A: From what I know, there were expulsions, there were, I think, beatings of innocent people… I was relatively young, but I know examples of inhumane behavior. And humane, of course, but there was inhumane behavior.

Q: Did your neighbors try to protect you or did you try to protect them, provide them food or supplies during the war?

A: As far as my family is concerned, we never wronged our neighbors nor have they wronged us. Even today, those relations remain intact.

Q: Have you experienced any violence or property damage during the war? How did your neighbors react?

A: Since my house is right next to the road, there was an incident, when someone sprayed a line of bullets into my house, maybe inadvertently, this was on March 17, there was a lot of damage to the roof, the windows and doors on my house were broken. But I am sure that my neighbors did not take part in it, those were people who came from other places.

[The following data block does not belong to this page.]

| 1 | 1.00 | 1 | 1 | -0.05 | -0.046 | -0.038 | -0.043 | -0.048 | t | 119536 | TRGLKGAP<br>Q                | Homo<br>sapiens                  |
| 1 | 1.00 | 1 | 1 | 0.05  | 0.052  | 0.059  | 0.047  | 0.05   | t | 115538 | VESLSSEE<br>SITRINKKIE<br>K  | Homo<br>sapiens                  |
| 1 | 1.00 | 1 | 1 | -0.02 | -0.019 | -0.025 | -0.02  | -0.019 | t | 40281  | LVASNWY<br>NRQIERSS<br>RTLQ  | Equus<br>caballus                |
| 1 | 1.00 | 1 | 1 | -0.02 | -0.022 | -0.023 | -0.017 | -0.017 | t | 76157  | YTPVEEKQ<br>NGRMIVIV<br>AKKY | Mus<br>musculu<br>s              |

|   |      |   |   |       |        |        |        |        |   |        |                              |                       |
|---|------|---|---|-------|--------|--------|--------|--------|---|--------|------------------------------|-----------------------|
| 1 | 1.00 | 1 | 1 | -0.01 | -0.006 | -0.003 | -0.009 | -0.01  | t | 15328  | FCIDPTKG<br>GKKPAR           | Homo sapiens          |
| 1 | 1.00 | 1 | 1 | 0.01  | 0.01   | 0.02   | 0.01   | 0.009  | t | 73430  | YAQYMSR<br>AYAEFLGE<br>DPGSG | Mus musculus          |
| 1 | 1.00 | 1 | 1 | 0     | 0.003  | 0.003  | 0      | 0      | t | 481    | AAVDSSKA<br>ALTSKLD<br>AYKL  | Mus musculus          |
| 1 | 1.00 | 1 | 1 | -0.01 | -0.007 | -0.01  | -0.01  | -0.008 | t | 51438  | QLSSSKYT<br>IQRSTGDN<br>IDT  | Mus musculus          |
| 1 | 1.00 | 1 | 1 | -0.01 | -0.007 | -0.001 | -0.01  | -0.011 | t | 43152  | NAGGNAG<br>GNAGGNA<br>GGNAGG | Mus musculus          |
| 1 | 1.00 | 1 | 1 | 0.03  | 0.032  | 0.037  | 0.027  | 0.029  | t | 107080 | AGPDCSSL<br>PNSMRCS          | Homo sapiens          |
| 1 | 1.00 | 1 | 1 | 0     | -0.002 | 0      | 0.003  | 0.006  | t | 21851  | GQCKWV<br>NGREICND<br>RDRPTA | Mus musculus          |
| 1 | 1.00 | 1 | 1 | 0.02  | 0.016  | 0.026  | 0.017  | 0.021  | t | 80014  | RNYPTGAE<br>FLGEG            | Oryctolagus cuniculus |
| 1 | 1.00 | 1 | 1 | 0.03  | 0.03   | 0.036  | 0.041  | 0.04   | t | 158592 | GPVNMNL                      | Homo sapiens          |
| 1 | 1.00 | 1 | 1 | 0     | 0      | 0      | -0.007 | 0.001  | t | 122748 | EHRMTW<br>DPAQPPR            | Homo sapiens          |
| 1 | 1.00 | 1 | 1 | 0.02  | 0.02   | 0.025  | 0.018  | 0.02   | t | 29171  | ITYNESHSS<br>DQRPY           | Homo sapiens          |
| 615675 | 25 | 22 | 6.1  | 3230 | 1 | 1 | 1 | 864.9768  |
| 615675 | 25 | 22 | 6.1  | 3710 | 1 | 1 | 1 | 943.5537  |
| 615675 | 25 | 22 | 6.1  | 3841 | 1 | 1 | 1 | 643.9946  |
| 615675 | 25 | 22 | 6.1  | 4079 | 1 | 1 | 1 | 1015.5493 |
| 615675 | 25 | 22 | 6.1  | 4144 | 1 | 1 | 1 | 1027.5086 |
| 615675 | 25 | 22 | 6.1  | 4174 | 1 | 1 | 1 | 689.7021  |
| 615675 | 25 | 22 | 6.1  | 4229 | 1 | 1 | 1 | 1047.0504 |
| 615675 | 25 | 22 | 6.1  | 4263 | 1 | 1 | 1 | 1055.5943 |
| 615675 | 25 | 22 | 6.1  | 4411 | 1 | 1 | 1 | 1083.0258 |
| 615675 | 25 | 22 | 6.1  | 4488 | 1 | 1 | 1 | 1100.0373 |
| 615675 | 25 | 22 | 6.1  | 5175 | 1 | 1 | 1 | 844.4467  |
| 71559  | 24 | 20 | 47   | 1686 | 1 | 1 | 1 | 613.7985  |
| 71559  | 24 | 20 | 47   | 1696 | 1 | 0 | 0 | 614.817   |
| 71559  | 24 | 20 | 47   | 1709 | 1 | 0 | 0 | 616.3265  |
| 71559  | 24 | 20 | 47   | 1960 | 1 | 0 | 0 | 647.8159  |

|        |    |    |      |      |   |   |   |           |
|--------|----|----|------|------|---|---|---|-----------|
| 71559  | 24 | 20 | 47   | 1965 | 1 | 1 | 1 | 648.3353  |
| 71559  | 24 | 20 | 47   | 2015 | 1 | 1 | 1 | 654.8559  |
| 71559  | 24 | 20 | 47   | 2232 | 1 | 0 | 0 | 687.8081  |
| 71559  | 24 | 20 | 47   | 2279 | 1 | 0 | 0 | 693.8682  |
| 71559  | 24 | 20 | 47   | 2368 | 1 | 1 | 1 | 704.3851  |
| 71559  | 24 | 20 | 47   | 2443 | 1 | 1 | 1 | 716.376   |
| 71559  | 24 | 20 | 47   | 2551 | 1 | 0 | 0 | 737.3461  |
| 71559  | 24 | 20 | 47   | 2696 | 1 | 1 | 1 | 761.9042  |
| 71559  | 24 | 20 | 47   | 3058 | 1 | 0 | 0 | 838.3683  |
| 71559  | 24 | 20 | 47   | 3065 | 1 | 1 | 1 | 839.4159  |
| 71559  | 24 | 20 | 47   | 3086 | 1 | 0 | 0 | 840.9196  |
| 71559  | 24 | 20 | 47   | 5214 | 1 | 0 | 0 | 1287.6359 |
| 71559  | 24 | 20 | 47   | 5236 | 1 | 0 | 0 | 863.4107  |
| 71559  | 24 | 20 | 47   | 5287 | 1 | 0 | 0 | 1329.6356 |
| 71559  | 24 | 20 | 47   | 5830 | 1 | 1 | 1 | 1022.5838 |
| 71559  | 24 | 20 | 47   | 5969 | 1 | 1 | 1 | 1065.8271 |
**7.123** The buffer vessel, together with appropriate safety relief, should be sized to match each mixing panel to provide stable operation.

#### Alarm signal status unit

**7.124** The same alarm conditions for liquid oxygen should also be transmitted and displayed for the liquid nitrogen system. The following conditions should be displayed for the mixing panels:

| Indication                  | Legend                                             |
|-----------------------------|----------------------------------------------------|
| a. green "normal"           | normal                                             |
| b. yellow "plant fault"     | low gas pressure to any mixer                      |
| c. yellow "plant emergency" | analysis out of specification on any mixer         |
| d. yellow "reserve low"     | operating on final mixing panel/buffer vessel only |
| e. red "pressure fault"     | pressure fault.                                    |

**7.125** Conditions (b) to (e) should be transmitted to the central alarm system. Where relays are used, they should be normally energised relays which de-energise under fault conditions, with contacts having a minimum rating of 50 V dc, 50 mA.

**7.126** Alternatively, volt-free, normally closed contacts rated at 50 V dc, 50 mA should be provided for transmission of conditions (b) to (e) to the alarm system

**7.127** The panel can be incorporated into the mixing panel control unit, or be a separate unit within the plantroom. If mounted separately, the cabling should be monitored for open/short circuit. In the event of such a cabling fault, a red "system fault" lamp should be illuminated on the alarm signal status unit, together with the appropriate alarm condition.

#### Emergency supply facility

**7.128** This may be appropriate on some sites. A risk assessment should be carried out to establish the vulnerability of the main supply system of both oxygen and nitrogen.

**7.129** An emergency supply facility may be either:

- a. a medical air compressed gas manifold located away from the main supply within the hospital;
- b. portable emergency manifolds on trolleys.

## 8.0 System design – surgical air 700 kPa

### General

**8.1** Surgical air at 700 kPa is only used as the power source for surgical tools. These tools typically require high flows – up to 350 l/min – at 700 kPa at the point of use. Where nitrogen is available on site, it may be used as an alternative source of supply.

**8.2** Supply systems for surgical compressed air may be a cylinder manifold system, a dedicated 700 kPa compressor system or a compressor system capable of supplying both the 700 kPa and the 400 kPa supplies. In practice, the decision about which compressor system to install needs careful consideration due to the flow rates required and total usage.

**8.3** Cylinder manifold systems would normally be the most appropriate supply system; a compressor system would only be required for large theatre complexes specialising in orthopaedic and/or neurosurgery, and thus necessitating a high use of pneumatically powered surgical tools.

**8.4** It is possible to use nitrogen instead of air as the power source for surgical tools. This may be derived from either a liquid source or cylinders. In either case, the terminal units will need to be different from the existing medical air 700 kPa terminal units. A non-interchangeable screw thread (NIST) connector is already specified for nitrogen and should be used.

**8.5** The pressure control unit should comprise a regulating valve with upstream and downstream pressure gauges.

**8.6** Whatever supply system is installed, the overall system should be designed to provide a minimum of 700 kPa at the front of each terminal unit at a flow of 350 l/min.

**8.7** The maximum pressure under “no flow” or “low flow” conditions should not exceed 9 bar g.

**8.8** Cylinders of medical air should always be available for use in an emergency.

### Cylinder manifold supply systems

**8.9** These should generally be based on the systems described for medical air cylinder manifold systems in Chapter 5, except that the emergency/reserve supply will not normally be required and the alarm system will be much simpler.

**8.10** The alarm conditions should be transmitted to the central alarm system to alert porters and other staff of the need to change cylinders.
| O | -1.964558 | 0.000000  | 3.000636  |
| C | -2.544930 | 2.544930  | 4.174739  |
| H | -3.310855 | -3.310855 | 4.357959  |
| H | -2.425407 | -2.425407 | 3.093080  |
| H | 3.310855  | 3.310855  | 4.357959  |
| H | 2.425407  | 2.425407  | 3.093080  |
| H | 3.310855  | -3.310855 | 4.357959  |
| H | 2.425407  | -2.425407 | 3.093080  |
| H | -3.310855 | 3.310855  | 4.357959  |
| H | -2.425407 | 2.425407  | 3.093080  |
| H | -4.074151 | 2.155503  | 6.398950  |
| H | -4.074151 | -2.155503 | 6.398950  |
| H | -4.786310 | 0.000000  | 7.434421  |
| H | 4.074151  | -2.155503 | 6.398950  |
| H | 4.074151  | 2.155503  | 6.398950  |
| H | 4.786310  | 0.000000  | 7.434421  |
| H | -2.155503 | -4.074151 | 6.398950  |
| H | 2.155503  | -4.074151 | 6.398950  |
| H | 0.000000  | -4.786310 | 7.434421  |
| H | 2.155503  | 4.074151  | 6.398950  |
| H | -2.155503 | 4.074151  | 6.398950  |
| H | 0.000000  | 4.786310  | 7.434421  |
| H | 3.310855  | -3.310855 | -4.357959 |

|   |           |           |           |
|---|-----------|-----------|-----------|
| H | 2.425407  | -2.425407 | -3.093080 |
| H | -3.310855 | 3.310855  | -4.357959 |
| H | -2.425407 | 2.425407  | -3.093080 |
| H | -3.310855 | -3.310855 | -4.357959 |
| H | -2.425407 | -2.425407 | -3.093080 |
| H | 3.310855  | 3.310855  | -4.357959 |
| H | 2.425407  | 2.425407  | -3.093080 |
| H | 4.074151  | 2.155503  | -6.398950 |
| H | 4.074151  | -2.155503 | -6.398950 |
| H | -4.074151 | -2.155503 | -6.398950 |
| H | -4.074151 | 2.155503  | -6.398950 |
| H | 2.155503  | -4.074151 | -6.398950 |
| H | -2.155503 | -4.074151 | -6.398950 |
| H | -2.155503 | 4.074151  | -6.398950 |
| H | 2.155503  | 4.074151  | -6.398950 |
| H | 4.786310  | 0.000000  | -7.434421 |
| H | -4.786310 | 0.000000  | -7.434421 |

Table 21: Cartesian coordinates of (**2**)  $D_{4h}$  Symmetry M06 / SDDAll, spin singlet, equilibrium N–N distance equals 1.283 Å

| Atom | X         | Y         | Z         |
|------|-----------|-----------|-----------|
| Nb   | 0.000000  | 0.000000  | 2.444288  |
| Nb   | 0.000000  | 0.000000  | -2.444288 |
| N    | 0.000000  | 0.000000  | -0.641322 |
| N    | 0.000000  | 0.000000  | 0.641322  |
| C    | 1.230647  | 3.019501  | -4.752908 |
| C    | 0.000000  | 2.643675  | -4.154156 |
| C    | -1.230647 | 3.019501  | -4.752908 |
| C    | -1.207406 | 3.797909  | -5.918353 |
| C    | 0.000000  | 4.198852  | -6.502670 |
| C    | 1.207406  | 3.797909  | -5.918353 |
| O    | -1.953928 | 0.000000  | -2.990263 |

Q: Did you try to protect them or did the Albanians protect you when the Albanian forces gained control after the withdrawal of the Yugoslav army in 1999?

A: Well, to be specific, no one touched my family, there was no need for anyone to protect me.

Q: What are your memories of the socialist period?

A: Believe me, I have no memories at all. I don’t know, I don’t know what to say.

Q: Do you consider the socialist era to be positive and favorable in terms of Kosovo’s development?

A: Well, from what I know from doing research while I was studying, I know that there were a lot of investments made in Kosovo, but it all ended in corruption or, I don’t know, theft… I think that these investments were only nominal, that nothing significant was done, although the documents say, according to some research that I did, there are figures that a lot has been invested in Kosovo, but unfortunately I don’t think much has been done.

Q: Thank you very much.


Image courtesy of aleksandarmiletic | MALI VELIKI LJUDI